Teachers have the challenging task of conveying information to a room full of students with varying learning styles. The teacher is typically assigned a curriculum guide containing the set of information the class is expected to learn. Teachers create instructional plans to outline the methods for teaching each lesson with activities and a list of the necessary resources.
Target the essential focus of the lesson you plan to teach. You may have a lesson that illustrates the wisdom of the American colonists by preparing for invasion with the minute-men on standby. The lesson may be on helpful tricks for multiplying by nine. Identifying the lesson objective provides a reference to check all instructional plan elements again to determine if they will aid the students in learning the lesson. Gear activities to the objective.
Incorporate instructional plan activities and props that accommodate all the learning styles of your students. Bring dress-up clothes and toy muskets for teaching colonial history to hands-on learners. Read the text of the lesson as a guide for acting out the story events. Bring posters outlining the steps to multiplication tricks for visual learning aid. Use Power Point presentations and brief whiteboard illustrations and lecturing to draw in students with visual and auditory learning styles.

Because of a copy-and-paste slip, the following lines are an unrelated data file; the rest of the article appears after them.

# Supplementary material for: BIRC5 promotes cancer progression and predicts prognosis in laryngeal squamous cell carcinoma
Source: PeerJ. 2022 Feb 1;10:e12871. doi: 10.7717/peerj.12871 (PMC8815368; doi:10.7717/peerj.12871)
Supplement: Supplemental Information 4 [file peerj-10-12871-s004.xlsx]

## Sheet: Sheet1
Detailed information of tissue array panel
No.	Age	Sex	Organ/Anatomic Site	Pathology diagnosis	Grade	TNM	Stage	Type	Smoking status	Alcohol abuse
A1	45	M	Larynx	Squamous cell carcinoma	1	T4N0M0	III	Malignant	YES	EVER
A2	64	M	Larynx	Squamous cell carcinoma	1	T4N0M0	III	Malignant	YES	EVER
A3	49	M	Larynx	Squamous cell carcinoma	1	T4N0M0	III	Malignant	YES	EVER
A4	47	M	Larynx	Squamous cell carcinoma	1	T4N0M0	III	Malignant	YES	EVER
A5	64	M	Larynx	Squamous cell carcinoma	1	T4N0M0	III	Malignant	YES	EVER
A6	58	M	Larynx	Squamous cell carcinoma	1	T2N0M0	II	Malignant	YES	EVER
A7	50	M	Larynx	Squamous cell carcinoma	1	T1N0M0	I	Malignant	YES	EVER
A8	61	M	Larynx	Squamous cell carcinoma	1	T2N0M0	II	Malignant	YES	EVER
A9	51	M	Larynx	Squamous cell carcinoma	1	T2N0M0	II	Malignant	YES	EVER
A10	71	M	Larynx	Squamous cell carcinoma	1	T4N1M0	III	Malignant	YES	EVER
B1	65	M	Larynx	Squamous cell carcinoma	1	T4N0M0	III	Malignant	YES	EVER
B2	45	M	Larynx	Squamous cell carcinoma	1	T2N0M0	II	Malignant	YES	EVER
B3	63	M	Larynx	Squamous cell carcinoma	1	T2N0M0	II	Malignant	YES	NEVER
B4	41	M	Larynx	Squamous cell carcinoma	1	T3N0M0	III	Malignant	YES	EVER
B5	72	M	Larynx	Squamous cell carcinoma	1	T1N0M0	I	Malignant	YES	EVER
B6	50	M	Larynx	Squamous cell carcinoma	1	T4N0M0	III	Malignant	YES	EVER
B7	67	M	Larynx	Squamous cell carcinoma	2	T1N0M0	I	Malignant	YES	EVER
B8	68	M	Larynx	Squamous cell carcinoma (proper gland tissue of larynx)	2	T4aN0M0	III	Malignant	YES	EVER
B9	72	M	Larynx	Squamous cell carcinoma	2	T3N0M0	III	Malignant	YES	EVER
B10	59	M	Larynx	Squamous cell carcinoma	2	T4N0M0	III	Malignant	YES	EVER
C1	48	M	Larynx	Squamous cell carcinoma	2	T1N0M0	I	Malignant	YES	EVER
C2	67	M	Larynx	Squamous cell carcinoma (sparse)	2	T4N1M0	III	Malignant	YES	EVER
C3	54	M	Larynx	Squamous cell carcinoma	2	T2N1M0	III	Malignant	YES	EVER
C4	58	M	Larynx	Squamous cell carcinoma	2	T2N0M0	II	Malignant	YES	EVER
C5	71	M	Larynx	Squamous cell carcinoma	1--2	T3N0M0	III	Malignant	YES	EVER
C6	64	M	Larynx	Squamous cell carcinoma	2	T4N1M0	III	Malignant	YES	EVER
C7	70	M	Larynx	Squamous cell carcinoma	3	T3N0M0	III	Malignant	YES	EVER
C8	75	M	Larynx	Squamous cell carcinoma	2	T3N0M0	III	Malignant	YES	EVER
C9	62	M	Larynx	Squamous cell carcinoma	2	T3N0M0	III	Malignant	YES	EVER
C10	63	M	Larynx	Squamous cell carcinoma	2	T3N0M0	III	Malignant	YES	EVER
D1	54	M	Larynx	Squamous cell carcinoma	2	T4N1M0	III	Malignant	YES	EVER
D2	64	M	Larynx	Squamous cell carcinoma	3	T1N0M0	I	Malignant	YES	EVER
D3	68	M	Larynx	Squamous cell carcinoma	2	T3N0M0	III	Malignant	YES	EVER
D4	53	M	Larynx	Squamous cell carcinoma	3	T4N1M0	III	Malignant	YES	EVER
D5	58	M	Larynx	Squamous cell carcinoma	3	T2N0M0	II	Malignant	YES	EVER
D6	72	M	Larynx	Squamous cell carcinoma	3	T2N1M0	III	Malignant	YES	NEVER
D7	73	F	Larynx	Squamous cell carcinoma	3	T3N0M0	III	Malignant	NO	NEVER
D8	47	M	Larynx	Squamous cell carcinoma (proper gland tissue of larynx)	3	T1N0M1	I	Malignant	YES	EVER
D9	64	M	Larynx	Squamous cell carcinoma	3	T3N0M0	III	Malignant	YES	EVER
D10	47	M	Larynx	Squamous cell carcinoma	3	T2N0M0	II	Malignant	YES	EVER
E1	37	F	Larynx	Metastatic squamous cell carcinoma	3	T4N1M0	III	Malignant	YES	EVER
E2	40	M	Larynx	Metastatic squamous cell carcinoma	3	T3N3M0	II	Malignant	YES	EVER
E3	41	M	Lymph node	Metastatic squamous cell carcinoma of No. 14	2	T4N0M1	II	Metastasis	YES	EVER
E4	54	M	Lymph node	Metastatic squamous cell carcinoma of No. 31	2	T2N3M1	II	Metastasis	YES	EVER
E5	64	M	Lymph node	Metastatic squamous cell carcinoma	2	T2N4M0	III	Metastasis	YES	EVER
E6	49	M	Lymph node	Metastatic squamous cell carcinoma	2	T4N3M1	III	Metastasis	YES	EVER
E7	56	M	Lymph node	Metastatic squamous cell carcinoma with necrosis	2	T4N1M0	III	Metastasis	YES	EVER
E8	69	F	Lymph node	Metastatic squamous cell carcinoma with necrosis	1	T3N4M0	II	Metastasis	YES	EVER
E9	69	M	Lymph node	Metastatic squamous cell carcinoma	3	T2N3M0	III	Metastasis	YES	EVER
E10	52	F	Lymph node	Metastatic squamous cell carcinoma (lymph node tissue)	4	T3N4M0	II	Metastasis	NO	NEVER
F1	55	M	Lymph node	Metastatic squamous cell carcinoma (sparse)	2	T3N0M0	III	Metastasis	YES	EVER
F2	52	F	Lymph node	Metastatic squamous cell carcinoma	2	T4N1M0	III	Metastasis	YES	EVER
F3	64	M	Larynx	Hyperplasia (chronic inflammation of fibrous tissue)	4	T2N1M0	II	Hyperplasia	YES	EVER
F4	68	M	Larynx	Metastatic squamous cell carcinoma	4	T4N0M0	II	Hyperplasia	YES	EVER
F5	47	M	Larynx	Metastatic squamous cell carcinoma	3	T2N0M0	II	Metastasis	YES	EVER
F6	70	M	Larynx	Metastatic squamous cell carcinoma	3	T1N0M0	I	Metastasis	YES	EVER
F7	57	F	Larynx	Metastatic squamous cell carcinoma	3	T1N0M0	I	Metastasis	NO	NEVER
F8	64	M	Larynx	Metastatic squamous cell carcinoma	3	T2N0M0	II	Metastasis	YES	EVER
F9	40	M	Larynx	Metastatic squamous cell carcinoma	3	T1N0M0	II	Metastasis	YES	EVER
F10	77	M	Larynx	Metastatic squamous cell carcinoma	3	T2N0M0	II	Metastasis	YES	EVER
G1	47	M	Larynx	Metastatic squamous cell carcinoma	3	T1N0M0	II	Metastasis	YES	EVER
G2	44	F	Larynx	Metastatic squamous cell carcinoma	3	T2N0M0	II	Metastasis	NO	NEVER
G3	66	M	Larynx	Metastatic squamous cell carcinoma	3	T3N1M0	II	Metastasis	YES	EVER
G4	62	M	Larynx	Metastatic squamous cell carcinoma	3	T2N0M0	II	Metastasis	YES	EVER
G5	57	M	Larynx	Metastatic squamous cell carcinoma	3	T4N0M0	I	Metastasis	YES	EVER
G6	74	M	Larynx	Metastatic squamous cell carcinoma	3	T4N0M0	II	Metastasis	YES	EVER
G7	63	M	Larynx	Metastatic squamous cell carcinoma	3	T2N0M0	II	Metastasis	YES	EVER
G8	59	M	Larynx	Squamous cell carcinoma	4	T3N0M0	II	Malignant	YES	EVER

Gather resources from school and the community to create instructional plans. Check the school and municipal libraries for books, audio presentations and films on your lesson subject. Check the municipal library calendar for presentations you want your students to attend. Use historical landmarks and learning centers like the museum of science and nature or the site of a historical battle as instructional plan elements. Many communities preserve the homes and businesses of prominent settlers for historical value.
Traditional testing does not accommodate the social backgrounds of all students. Incorporate instructional plan assignments that require student to display their understanding of the lesson objective. Ask groups of students to create a newspaper story, radio news dialogue or a documentary for television with actors in costume. Have each group present their creation to the class for critique of the content. Take note of the information presented and knowledge behind critical remarks.
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